Stack Overflow is a community of 4.7 million programmers, just like you, helping each other.

Join them; it only takes a minute:

Sign up
Join the Stack Overflow community to:
  1. Ask programming questions
  2. Answer and help your peers
  3. Get recognized for your expertise

I'm interested in building a 3D model of our solar system for web use (probably with AS3 and papervision) and have been looking into how I would go about encoding the planetary positions. My idea was to download the already calculated positions from NASA as calculating the positions myself seems a but overcomplicated. I'm not sure though whether I should use a helio centric or an earth centric encoding.

I wanted to know if there are any one with any experience in this. Which approach would be better? The NASA JPL website seems to have the positions of all the major bodies in our solar system as earth centric. I can see this becoming a problem later on though when adding Voyager and Mars Lander missions to the model?

Any feedback, comments and links are very welcome.

EDIT: I have a rough model running that uses heliocentric coordinates, but I haven't been able to find the coordinates for all planets in this format.


I don't have a lot of detail to provide for know because I really don't know what I'm doing (from the space point of view). I wanted to get a handle on 3D programming, and am interested in space. The idea was that I would make a rough solar system simulator with at first all the planets and their orbiters (maybe excluding satellites at first). Perhaps include a news aggregator and some links to news/resources and so on. The general idea would be to allow people to click around and get super excited about going to the moon and Mars (for a starter).

In the long run I hopefully would be able to add in satellites and the moon missions (scroll back in time to the 70's and see the moon missions).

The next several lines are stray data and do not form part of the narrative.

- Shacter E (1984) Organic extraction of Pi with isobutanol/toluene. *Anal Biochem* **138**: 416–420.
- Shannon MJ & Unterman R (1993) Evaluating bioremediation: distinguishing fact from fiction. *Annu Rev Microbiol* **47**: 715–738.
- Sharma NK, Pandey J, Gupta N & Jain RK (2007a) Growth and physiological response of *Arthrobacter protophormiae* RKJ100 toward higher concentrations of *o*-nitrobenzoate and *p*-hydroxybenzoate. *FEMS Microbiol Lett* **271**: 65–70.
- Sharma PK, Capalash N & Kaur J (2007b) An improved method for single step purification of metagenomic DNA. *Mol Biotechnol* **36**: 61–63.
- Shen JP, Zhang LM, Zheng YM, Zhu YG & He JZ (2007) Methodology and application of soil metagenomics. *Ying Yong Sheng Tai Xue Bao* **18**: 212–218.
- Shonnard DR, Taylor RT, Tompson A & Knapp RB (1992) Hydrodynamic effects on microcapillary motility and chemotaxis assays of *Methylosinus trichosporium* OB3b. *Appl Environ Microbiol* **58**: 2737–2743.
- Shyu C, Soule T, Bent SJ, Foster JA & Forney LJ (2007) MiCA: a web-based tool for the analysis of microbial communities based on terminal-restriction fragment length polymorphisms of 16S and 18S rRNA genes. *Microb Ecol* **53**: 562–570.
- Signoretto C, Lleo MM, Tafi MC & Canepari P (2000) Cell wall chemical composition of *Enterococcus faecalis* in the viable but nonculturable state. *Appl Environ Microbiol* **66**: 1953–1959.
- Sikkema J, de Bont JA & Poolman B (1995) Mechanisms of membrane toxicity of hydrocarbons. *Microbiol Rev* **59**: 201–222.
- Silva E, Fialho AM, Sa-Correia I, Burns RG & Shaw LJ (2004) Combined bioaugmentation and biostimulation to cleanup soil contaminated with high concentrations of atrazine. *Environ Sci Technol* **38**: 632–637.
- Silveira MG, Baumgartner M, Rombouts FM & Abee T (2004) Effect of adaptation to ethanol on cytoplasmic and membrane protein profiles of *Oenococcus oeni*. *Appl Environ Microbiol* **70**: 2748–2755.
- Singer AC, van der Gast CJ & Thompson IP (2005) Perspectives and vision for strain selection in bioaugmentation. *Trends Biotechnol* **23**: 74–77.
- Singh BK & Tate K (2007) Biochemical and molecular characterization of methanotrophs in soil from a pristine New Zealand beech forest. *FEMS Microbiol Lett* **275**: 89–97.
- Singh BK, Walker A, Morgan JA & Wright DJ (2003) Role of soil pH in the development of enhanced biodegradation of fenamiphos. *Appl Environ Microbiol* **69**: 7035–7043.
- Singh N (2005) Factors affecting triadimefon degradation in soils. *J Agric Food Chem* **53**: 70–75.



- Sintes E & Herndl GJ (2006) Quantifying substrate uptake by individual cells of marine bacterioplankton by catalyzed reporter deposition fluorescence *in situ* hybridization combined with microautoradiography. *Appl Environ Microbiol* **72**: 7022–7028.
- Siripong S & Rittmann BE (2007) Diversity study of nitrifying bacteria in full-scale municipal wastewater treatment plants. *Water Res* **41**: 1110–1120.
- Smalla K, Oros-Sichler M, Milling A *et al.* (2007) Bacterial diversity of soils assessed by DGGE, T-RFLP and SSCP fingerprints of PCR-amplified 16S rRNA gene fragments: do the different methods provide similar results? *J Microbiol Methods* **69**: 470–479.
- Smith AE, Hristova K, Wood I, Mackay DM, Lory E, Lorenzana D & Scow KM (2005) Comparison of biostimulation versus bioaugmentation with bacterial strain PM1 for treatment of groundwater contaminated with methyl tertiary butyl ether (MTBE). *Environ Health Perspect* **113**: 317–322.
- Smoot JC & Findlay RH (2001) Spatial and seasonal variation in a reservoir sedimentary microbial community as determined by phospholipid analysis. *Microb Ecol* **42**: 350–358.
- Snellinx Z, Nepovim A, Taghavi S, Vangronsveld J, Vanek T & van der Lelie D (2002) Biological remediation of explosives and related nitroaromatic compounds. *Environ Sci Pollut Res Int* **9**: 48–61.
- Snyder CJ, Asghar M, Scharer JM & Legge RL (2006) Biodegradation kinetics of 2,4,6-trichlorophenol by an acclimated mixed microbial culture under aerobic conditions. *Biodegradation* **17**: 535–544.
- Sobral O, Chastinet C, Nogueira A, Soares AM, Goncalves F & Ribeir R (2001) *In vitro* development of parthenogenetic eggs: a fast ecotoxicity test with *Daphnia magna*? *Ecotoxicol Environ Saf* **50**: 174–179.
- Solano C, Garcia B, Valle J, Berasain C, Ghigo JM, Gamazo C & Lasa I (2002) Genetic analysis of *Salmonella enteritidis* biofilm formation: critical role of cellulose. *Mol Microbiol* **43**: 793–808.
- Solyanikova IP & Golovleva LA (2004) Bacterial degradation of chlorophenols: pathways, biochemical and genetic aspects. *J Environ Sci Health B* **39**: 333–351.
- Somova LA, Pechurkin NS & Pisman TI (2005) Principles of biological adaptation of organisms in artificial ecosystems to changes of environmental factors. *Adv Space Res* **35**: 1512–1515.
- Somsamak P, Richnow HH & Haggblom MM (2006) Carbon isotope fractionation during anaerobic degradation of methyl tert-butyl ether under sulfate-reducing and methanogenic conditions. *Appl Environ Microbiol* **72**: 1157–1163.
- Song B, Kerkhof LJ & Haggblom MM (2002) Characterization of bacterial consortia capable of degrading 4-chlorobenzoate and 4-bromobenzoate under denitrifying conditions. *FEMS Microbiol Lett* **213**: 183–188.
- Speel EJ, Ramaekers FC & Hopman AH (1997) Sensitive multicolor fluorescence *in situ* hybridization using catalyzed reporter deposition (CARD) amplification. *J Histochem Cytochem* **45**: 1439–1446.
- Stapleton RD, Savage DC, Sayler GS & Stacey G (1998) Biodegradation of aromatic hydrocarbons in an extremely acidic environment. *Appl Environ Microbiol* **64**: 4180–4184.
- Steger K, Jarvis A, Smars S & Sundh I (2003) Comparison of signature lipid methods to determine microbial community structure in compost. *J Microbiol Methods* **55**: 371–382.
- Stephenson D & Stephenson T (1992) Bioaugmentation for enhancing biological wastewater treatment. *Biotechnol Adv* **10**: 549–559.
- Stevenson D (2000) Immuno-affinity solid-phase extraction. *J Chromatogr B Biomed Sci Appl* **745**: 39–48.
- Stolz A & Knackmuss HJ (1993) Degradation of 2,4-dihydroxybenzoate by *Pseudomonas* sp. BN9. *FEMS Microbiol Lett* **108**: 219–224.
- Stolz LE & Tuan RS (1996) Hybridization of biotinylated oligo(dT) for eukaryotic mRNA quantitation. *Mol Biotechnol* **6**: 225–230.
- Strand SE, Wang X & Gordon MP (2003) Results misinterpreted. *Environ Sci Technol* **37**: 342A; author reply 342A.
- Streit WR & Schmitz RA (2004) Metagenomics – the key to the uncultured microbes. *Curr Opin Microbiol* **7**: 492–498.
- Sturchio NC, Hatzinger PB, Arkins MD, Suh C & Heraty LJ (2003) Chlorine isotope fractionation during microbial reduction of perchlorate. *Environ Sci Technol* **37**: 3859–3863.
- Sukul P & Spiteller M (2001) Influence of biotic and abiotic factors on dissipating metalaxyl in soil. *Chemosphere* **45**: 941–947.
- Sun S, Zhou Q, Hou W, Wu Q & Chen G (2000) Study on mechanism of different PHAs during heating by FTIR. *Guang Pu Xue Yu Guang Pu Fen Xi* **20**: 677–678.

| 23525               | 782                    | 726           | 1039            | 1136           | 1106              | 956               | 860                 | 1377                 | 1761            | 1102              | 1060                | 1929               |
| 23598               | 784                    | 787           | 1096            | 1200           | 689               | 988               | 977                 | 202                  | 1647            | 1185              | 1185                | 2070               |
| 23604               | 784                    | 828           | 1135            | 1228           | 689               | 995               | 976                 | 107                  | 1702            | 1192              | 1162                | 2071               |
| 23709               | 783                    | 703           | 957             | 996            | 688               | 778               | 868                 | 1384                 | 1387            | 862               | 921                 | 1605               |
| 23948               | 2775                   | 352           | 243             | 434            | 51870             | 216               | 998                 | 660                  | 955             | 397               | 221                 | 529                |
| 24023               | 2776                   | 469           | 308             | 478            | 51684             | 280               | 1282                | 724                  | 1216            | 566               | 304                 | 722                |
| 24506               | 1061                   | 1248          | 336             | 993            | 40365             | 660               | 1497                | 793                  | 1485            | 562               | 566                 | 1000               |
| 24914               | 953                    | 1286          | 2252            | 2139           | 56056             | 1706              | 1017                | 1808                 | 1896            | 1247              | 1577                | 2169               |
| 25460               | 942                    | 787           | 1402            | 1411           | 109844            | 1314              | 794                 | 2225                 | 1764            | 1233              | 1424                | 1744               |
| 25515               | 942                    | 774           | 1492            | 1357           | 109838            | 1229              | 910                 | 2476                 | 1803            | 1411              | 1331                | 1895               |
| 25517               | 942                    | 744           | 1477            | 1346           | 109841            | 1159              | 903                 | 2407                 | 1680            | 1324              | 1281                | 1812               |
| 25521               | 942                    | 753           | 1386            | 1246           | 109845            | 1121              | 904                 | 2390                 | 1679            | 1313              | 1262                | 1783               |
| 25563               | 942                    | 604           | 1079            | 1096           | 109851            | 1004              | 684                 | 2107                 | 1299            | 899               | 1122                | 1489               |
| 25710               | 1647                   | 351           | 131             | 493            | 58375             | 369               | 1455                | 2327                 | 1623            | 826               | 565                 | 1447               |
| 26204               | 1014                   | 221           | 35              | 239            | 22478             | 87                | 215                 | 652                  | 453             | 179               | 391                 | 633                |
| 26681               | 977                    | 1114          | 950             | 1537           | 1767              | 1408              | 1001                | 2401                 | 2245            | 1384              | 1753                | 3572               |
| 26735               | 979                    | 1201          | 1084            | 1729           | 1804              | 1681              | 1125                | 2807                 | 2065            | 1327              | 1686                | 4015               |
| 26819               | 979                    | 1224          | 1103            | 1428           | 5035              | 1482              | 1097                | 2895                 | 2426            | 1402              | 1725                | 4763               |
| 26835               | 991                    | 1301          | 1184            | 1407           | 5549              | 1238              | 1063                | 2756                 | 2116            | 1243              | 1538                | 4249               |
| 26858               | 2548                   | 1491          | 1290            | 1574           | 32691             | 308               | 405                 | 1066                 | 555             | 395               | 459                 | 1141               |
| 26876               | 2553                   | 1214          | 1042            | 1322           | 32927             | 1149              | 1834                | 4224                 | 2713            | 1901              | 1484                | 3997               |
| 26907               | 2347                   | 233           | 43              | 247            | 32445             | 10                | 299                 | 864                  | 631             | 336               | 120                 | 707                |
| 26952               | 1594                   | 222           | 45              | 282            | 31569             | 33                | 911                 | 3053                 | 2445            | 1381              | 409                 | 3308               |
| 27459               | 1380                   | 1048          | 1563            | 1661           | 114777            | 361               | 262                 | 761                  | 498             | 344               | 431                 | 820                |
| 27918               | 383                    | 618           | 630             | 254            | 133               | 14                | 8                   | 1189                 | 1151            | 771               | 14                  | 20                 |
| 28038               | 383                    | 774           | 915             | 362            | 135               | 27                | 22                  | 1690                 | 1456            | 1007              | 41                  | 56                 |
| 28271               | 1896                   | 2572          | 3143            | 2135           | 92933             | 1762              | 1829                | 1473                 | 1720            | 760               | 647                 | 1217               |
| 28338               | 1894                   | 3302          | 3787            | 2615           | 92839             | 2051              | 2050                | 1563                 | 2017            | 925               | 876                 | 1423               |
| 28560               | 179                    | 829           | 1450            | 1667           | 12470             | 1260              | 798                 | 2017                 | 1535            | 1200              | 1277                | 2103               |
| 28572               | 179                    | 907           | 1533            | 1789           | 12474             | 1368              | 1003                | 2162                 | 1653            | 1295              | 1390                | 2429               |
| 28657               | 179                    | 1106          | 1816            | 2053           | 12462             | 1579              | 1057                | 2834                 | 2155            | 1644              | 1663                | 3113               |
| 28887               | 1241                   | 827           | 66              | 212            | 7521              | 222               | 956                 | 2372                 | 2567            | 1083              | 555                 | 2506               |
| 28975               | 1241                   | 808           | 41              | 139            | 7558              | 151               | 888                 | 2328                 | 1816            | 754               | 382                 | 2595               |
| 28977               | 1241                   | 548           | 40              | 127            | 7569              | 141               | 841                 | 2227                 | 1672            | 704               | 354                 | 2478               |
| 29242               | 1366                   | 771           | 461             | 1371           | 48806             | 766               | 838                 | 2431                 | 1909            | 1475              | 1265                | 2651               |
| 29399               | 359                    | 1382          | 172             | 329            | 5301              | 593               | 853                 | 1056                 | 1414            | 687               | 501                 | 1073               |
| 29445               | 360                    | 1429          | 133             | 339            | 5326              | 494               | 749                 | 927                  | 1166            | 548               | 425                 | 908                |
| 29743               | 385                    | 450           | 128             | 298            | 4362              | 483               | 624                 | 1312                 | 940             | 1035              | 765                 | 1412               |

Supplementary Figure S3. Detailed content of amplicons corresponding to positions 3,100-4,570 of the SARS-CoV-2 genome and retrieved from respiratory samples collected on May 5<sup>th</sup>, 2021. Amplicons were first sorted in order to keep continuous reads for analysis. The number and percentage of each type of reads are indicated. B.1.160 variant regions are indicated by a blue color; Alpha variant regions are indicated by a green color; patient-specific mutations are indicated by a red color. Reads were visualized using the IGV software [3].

So to answer Arrieta's question the idea was not to calculate eclipses but to build an easy to approach, interactive space exploratorium, and learn some 3D and space related stuff on the way.

share|improve this question
This actually is programming related, because it is about how to store this data in a program. However, it appears the best answer will require some domain-specific knowledge for a very specific domain, so SO may still not be the best place to ask. Community Wiki doesn't seem appropriate though, as you're asking about your problem instead of a general or discussion-like issue. – Roger Pate Jan 13 '10 at 13:33
For the bodies/spacecraft without ephemerides, retrieve the orbital elements and propagate using Kepler's equation. Pluto is not a planet. – Escualo Jan 15 '10 at 18:50
Yeah I still a bit vague as to how "planet" is defined. There was some discussion on this issue a few years back. Supposedly Eris is also not a planet then? – Matti Lyra Jan 15 '10 at 19:36
Pluto is no longer considered a major planet, but the solar system has thousands of minor planets and Pluto is one of them. Technically, I believe Pluto is now considered to be a trans-neptunian object (TNO). A Planet is simply defined as any object orbiting a star that does not shine by its own light, so by that definition, Pluto is a planet. – Tim Long Jan 20 '10 at 5:59
up vote 4 down vote accepted

Glad you want to build your own simulator, but depending on what you want to do it may be far from an easy task. The simplest approach is as follows: